Sine Schmidt greets me with a smile the following morning in the Norrebro neighbourhood. Sine works for Cph:cool, a company specialising in walking tours around Copenhagen. She leads me to Cafe Salonen, a gem from the rejuvenation of the 1990s.The cafe extends onto a pontoon at the city’s lakes. Clients can chill out on deck chairs with an ice cream or rent one of the swan-shaped pedalos.
“We wanted to bring the beach to the city,” Sine says.
One thing that strikes me is just how quiet the area is. With hardly any cars or mopeds around, the air feels clean. I take a deep breath and remind myself that I’m still in a capital city.
Copenhagen has gone to great lengths to provide its citizens with a higher quality of life, with a pledge to become carbon neutral by 2025.
Green schemes include public recycling points in the place of a waste collection service. “We put these on the streets so people have nowhere to hide if they don’t recycle properly,” Sine says. A public bike share service further reduces the need for automotive transport. The electric-powered Bycyklen is the world’s first smart bike service and have a handy touchscreen GPS beneath the handlebars. A Bycyklen app, free to download from bycyklen.dk, directs users to collection areas, mostly near train, metro or bus stations.
Passing through the shopping streets of Ravnsborggade, Elmegrade and Jaegersborggade, I notice that there are no chain stores. Sine explains that the locals prefer grassroot start-ups. “We still have everything in these streets that we need… breakfast, lunch and beer.”
Assistens Cemetery doubles as a public park. Sine directs me to the grave of fairytale writer, Hans Christian Andersen. A flute begins to play, and although I can’t see the musician, it’s like stepping into one of Andersen’s stories.
So far I’ve kept to a strict budget, but I decide to break all the rules before I go home and order the 15-course taste menu at Gorilla in the city’s meat packing district. The next four hours is spent indulging in dishes ranging from freshly caught oysters to succulent lamb’s shoulder.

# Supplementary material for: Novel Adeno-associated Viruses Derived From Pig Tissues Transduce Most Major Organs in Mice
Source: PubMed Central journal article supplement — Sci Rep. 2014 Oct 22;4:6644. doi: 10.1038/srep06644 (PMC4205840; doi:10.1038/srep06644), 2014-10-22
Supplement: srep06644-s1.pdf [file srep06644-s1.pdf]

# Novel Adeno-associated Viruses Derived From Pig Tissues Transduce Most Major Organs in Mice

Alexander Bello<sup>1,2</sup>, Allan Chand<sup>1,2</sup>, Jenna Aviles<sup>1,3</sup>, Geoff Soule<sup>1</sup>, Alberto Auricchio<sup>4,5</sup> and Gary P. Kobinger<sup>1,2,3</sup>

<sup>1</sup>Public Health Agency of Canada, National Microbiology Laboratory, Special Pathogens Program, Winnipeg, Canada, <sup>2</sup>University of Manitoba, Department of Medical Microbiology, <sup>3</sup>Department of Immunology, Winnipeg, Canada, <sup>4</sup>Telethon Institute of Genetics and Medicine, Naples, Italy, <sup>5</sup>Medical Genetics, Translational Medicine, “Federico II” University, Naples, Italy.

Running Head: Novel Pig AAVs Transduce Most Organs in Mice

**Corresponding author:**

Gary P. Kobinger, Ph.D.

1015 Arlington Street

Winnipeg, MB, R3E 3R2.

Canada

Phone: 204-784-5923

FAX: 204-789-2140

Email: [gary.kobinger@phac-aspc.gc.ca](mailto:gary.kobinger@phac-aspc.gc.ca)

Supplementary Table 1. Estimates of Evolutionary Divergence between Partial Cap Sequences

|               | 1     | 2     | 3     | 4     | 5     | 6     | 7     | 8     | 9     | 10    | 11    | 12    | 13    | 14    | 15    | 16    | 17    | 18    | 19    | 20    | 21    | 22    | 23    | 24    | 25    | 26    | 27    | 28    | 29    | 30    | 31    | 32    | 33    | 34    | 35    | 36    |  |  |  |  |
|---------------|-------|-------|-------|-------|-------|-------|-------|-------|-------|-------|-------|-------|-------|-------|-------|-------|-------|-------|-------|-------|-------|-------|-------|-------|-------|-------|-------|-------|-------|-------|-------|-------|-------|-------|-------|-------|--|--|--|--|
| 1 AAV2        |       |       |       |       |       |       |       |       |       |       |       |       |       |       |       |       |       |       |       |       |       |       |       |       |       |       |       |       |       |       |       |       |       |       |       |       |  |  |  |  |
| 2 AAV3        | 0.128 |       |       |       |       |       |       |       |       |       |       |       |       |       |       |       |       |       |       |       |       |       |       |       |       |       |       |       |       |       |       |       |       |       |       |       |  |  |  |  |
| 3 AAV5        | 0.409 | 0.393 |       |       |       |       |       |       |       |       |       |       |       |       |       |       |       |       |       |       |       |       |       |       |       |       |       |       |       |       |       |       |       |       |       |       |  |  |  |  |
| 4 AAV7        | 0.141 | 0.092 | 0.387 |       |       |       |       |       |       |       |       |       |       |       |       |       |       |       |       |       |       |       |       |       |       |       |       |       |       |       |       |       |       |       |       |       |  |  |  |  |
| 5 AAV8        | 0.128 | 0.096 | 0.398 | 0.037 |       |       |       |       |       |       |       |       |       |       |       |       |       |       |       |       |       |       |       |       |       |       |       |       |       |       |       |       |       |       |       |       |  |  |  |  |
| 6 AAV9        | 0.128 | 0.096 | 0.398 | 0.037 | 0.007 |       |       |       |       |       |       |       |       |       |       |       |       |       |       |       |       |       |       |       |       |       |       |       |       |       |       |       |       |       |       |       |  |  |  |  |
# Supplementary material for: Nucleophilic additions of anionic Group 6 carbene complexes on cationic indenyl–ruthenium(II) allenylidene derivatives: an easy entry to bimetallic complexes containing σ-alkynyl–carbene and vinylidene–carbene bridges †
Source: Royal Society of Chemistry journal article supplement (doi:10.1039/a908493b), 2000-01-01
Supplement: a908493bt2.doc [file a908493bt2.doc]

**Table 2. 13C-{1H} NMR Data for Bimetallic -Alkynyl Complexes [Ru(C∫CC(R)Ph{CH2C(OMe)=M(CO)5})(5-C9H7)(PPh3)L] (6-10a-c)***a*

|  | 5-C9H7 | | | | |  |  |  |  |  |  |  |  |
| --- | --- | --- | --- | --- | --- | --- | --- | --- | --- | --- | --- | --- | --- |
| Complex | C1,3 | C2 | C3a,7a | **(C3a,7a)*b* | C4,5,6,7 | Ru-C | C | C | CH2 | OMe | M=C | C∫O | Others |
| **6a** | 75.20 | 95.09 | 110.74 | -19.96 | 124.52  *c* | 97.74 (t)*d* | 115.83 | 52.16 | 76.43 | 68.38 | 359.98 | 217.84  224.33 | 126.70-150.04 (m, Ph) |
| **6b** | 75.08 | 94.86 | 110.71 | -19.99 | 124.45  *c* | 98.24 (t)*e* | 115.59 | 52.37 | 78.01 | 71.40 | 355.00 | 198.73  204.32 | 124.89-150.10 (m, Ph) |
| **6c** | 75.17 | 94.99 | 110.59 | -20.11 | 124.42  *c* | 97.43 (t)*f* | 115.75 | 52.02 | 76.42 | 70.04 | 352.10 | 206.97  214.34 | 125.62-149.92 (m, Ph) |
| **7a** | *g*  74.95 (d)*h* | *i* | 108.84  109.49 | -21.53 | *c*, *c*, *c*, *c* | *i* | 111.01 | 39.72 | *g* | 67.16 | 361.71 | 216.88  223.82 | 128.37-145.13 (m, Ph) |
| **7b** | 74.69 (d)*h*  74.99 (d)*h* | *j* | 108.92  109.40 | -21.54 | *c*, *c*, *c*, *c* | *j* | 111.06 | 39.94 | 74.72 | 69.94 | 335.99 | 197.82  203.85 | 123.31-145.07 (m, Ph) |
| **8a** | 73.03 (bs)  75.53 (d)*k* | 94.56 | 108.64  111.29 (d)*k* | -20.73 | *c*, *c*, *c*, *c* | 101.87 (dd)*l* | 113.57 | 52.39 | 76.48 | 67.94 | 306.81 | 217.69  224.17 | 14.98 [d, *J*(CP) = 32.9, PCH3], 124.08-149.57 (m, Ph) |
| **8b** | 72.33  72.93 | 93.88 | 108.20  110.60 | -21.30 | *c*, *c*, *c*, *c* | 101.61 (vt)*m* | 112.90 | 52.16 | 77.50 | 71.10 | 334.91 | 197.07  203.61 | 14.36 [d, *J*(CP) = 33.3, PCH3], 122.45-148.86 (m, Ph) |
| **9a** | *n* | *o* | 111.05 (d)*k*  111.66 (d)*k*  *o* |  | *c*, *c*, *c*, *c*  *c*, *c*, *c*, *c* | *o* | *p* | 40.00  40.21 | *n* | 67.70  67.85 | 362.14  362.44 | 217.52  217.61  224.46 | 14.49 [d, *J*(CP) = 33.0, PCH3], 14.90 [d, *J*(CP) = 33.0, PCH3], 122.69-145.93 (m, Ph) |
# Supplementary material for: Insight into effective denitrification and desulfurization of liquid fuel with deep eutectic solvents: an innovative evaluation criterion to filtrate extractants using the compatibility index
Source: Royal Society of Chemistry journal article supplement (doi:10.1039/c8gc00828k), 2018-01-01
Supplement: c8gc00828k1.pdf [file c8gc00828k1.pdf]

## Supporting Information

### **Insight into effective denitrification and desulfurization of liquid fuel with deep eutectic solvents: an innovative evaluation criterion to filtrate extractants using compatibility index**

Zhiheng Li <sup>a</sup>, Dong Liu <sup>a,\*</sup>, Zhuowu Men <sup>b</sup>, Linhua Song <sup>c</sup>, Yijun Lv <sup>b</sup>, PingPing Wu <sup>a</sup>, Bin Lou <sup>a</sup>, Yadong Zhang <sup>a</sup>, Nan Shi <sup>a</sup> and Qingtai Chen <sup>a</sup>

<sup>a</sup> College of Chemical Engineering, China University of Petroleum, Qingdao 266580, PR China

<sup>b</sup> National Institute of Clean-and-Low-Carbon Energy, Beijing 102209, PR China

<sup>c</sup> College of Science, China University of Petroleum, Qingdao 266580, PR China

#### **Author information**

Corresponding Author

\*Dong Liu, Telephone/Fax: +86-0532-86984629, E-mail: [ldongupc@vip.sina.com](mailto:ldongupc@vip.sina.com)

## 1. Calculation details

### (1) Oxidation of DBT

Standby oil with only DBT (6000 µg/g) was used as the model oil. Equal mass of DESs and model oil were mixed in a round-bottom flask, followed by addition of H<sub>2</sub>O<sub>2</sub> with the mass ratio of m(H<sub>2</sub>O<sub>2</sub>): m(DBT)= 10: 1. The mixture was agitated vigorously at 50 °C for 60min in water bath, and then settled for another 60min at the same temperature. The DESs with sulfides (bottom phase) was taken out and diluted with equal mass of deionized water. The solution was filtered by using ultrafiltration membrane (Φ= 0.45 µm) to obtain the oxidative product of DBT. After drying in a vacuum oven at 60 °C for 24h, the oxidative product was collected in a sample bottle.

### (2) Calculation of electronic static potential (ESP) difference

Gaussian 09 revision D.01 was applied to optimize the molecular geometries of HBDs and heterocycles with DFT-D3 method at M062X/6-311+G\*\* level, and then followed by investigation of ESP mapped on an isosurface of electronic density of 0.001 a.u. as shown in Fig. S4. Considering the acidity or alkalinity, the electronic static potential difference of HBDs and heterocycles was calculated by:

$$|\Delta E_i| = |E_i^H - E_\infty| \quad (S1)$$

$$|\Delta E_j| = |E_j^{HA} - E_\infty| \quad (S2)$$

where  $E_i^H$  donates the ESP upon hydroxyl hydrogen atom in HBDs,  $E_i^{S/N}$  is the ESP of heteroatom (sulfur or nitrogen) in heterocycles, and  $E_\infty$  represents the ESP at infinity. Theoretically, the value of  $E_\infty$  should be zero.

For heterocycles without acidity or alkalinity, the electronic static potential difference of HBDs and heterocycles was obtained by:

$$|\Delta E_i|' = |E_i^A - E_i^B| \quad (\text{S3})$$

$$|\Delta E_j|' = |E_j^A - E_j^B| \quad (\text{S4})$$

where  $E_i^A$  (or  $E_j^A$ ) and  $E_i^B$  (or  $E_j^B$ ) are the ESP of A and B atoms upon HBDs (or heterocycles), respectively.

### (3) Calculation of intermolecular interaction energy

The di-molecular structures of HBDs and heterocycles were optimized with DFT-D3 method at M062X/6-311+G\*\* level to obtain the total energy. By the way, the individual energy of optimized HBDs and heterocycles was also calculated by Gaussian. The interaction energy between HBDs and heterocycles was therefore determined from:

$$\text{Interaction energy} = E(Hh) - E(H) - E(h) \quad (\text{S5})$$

When I finally make it out of the converted industrial building, the city skies are splashed with the rosy hue of the setting sun. It is Copenhagen’s final gift to me.
Although I am returning to the political turmoil of post-Brexit London, I depart full of inspiration, that one can live life like they do in Copenhagen.
Book it: Jet2holidays offers a two-night stay at the Absalon Hotel from £559pp with breakfast and flights included from Leeds Bradford airport departing December 9.
I change 100 DKK, roughly £11, ready to prove that one can have a full day in Copenhagen without splashing out the cash. First, since the city isn’t overly large, I save on not taking public transport or cabs. Besides, walking is perfect for exploring the green spaces and public gardens of Norrebro.
All the walking around certainly works up an appetite but never fear, one can dine on a budget. In Torvehallerne market I grab some Kimchi (a traditional Korean side dish made from seasoned vegetables) for 60 DKK/£7. If you have worked up a thirst then check out one of the city’s brown taverns and pick up a bottle of beer for around 15 DKK/£1.70.
A public bike, which is free for the first 30 minutes, can help you explore the streets.
I end the day at the Botanical Garden in central Copenhagen walking among more than 13,000 species of plants from central and southern Europe. Free admission means there’s just enough in the wallet for a honeycomb-flavoured ice cream.